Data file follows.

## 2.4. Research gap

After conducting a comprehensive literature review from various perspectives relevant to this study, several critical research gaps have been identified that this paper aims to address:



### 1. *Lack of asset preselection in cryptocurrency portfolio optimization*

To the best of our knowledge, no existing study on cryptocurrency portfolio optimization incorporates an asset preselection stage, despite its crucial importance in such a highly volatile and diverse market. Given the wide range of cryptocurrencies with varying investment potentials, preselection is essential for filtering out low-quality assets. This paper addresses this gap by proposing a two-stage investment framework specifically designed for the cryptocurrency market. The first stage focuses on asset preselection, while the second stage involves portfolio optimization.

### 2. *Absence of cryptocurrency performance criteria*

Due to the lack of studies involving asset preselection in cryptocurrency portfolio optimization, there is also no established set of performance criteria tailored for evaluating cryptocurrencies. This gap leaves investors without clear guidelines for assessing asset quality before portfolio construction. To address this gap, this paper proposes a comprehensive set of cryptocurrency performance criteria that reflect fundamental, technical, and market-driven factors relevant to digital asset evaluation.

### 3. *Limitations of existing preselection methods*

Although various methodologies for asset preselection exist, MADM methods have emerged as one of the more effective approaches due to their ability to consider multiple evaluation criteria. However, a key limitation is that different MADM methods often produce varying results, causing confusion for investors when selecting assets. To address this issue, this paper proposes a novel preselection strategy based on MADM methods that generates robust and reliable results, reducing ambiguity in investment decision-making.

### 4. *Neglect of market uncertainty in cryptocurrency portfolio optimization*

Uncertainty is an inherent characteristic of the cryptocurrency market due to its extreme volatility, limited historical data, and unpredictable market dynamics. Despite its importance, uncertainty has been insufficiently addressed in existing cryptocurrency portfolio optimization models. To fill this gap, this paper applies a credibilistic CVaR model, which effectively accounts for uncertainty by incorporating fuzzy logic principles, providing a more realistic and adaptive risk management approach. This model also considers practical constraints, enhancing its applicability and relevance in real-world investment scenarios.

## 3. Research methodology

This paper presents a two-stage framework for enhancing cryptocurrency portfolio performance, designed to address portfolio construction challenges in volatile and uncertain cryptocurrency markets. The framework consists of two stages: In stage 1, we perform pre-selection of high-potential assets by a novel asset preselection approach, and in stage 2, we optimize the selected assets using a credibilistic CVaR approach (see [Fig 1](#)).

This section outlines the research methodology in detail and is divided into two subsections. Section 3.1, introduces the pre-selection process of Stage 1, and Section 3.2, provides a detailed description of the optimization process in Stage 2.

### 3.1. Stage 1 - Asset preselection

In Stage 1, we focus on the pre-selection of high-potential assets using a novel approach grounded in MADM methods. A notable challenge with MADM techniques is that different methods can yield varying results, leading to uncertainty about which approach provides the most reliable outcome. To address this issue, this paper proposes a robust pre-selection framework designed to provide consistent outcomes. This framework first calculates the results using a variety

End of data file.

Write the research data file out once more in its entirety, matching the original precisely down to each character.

## 2.4. Research gap

After conducting a comprehensive literature review from various perspectives relevant to this study, several critical research gaps have been identified that this paper aims to address:



### 1. *Lack of asset preselection in cryptocurrency portfolio optimization*

To the best of our knowledge, no existing study on cryptocurrency portfolio optimization incorporates an asset preselection stage, despite its crucial importance in such a highly volatile and diverse market. Given the wide range of cryptocurrencies with varying investment potentials, preselection is essential for filtering out low-quality assets. This paper addresses this gap by proposing a two-stage investment framework specifically designed for the cryptocurrency market. The first stage focuses on asset preselection, while the second stage involves portfolio optimization.

### 2. *Absence of cryptocurrency performance criteria*

Due to the lack of studies involving asset preselection in cryptocurrency portfolio optimization, there is also no established set of performance criteria tailored for evaluating cryptocurrencies. This gap leaves investors without clear guidelines for assessing asset quality before portfolio construction. To address this gap, this paper proposes a comprehensive set of cryptocurrency performance criteria that reflect fundamental, technical, and market-driven factors relevant to digital asset evaluation.

### 3. *Limitations of existing preselection methods*

Although various methodologies for asset preselection exist, MADM methods have emerged as one of the more effective approaches due to their ability to consider multiple evaluation criteria. However, a key limitation is that different MADM methods often produce varying results, causing confusion for investors when selecting assets. To address this issue, this paper proposes a novel preselection strategy based on MADM methods that generates robust and reliable results, reducing ambiguity in investment decision-making.

### 4. *Neglect of market uncertainty in cryptocurrency portfolio optimization*

Uncertainty is an inherent characteristic of the cryptocurrency market due to its extreme volatility, limited historical data, and unpredictable market dynamics. Despite its importance, uncertainty has been insufficiently addressed in existing cryptocurrency portfolio optimization models. To fill this gap, this paper applies a credibilistic CVaR model, which effectively accounts for uncertainty by incorporating fuzzy logic principles, providing a more realistic and adaptive risk management approach. This model also considers practical constraints, enhancing its applicability and relevance in real-world investment scenarios.

## 3. Research methodology

This paper presents a two-stage framework for enhancing cryptocurrency portfolio performance, designed to address portfolio construction challenges in volatile and uncertain cryptocurrency markets. The framework consists of two stages: In stage 1, we perform pre-selection of high-potential assets by a novel asset preselection approach, and in stage 2, we optimize the selected assets using a credibilistic CVaR approach (see [Fig 1](#)).

This section outlines the research methodology in detail and is divided into two subsections. Section 3.1, introduces the pre-selection process of Stage 1, and Section 3.2, provides a detailed description of the optimization process in Stage 2.

### 3.1. Stage 1 - Asset preselection

In Stage 1, we focus on the pre-selection of high-potential assets using a novel approach grounded in MADM methods. A notable challenge with MADM techniques is that different methods can yield varying results, leading to uncertainty about which approach provides the most reliable outcome. To address this issue, this paper proposes a robust pre-selection framework designed to provide consistent outcomes. This framework first calculates the results using a variety